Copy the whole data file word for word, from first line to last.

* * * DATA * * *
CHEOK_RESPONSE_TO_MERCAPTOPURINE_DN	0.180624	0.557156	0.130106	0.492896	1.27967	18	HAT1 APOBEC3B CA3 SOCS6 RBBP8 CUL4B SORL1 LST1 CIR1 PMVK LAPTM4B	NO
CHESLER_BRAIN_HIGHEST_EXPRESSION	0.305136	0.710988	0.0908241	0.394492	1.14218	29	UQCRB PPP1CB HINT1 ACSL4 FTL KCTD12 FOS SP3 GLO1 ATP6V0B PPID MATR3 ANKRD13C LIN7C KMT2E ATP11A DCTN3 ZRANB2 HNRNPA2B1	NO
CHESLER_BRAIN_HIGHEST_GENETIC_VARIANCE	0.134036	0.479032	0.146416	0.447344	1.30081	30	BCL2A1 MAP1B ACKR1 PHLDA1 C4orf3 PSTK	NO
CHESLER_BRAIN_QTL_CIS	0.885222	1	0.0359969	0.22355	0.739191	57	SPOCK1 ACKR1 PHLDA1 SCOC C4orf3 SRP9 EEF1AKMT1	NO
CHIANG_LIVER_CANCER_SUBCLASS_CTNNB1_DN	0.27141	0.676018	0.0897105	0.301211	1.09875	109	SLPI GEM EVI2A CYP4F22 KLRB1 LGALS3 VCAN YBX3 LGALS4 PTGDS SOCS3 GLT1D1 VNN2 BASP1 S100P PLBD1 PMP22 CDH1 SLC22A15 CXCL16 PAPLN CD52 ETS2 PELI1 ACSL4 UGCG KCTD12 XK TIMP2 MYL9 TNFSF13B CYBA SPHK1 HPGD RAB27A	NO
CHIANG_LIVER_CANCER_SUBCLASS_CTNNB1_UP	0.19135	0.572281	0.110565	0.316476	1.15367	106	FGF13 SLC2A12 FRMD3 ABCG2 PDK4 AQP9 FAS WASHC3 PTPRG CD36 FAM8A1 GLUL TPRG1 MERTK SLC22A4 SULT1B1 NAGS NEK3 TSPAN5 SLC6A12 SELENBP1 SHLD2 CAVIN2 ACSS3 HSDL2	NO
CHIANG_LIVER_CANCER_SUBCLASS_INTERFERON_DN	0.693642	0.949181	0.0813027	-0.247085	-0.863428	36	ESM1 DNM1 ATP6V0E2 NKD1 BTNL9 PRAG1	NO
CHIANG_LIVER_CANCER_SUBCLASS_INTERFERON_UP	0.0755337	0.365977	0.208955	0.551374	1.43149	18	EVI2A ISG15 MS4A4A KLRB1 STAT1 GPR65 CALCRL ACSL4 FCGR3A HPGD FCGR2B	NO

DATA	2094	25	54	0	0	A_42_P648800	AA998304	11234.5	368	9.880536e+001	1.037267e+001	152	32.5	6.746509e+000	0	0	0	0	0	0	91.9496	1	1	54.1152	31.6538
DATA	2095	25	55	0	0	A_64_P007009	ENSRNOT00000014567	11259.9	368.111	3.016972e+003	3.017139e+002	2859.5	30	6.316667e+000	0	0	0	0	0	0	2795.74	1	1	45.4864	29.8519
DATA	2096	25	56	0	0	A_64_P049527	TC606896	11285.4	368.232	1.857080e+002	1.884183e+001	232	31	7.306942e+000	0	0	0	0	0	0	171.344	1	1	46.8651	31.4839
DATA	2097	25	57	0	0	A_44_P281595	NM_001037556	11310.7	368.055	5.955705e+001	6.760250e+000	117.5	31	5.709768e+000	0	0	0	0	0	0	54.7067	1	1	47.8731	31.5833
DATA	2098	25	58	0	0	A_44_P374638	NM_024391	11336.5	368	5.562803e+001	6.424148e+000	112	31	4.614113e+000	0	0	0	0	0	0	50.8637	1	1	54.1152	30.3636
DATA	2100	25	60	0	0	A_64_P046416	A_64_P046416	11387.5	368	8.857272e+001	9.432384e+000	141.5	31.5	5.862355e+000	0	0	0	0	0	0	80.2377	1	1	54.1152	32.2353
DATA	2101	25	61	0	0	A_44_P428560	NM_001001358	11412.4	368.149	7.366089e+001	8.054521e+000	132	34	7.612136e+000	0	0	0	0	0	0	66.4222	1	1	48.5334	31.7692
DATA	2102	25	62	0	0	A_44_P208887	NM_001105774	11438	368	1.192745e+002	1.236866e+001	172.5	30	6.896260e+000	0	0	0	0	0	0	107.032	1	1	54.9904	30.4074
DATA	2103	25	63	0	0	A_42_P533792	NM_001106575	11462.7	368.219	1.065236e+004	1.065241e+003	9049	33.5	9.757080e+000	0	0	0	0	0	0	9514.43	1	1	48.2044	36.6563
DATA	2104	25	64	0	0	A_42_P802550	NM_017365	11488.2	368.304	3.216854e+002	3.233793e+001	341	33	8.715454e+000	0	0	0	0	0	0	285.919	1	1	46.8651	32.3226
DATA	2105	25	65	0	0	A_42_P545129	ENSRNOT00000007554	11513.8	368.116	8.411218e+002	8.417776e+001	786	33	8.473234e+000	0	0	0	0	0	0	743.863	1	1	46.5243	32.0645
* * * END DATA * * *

CHEOK_RESPONSE_TO_MERCAPTOPURINE_DN	0.180624	0.557156	0.130106	0.492896	1.27967	18	HAT1 APOBEC3B CA3 SOCS6 RBBP8 CUL4B SORL1 LST1 CIR1 PMVK LAPTM4B	NO
CHESLER_BRAIN_HIGHEST_EXPRESSION	0.305136	0.710988	0.0908241	0.394492	1.14218	29	UQCRB PPP1CB HINT1 ACSL4 FTL KCTD12 FOS SP3 GLO1 ATP6V0B PPID MATR3 ANKRD13C LIN7C KMT2E ATP11A DCTN3 ZRANB2 HNRNPA2B1	NO
CHESLER_BRAIN_HIGHEST_GENETIC_VARIANCE	0.134036	0.479032	0.146416	0.447344	1.30081	30	BCL2A1 MAP1B ACKR1 PHLDA1 C4orf3 PSTK	NO
CHESLER_BRAIN_QTL_CIS	0.885222	1	0.0359969	0.22355	0.739191	57	SPOCK1 ACKR1 PHLDA1 SCOC C4orf3 SRP9 EEF1AKMT1	NO
CHIANG_LIVER_CANCER_SUBCLASS_CTNNB1_DN	0.27141	0.676018	0.0897105	0.301211	1.09875	109	SLPI GEM EVI2A CYP4F22 KLRB1 LGALS3 VCAN YBX3 LGALS4 PTGDS SOCS3 GLT1D1 VNN2 BASP1 S100P PLBD1 PMP22 CDH1 SLC22A15 CXCL16 PAPLN CD52 ETS2 PELI1 ACSL4 UGCG KCTD12 XK TIMP2 MYL9 TNFSF13B CYBA SPHK1 HPGD RAB27A	NO
CHIANG_LIVER_CANCER_SUBCLASS_CTNNB1_UP	0.19135	0.572281	0.110565	0.316476	1.15367	106	FGF13 SLC2A12 FRMD3 ABCG2 PDK4 AQP9 FAS WASHC3 PTPRG CD36 FAM8A1 GLUL TPRG1 MERTK SLC22A4 SULT1B1 NAGS NEK3 TSPAN5 SLC6A12 SELENBP1 SHLD2 CAVIN2 ACSS3 HSDL2	NO
CHIANG_LIVER_CANCER_SUBCLASS_INTERFERON_DN	0.693642	0.949181	0.0813027	-0.247085	-0.863428	36	ESM1 DNM1 ATP6V0E2 NKD1 BTNL9 PRAG1	NO
CHIANG_LIVER_CANCER_SUBCLASS_INTERFERON_UP	0.0755337	0.365977	0.208955	0.551374	1.43149	18	EVI2A ISG15 MS4A4A KLRB1 STAT1 GPR65 CALCRL ACSL4 FCGR3A HPGD FCGR2B	NO

DATA	2094	25	54	0	0	A_42_P648800	AA998304	11234.5	368	9.880536e+001	1.037267e+001	152	32.5	6.746509e+000	0	0	0	0	0	0	91.9496	1	1	54.1152	31.6538
DATA	2095	25	55	0	0	A_64_P007009	ENSRNOT00000014567	11259.9	368.111	3.016972e+003	3.017139e+002	2859.5	30	6.316667e+000	0	0	0	0	0	0	2795.74	1	1	45.4864	29.8519
DATA	2096	25	56	0	0	A_64_P049527	TC606896	11285.4	368.232	1.857080e+002	1.884183e+001	232	31	7.306942e+000	0	0	0	0	0	0	171.344	1	1	46.8651	31.4839
DATA	2097	25	57	0	0	A_44_P281595	NM_001037556	11310.7	368.055	5.955705e+001	6.760250e+000	117.5	31	5.709768e+000	0	0	0	0	0	0	54.7067	1	1	47.8731	31.5833
DATA	2098	25	58	0	0	A_44_P374638	NM_024391	11336.5	368	5.562803e+001	6.424148e+000	112	31	4.614113e+000	0	0	0	0	0	0	50.8637	1	1	54.1152	30.3636
DATA	2100	25	60	0	0	A_64_P046416	A_64_P046416	11387.5	368	8.857272e+001	9.432384e+000	141.5	31.5	5.862355e+000	0	0	0	0	0	0	80.2377	1	1	54.1152	32.2353
DATA	2101	25	61	0	0	A_44_P428560	NM_001001358	11412.4	368.149	7.366089e+001	8.054521e+000	132	34	7.612136e+000	0	0	0	0	0	0	66.4222	1	1	48.5334	31.7692
DATA	2102	25	62	0	0	A_44_P208887	NM_001105774	11438	368	1.192745e+002	1.236866e+001	172.5	30	6.896260e+000	0	0	0	0	0	0	107.032	1	1	54.9904	30.4074
DATA	2103	25	63	0	0	A_42_P533792	NM_001106575	11462.7	368.219	1.065236e+004	1.065241e+003	9049	33.5	9.757080e+000	0	0	0	0	0	0	9514.43	1	1	48.2044	36.6563
DATA	2104	25	64	0	0	A_42_P802550	NM_017365	11488.2	368.304	3.216854e+002	3.233793e+001	341	33	8.715454e+000	0	0	0	0	0	0	285.919	1	1	46.8651	32.3226
DATA	2105	25	65	0	0	A_42_P545129	ENSRNOT00000007554	11513.8	368.116	8.411218e+002	8.417776e+001	786	33	8.473234e+000	0	0	0	0	0	0	743.863	1	1	46.5243	32.0645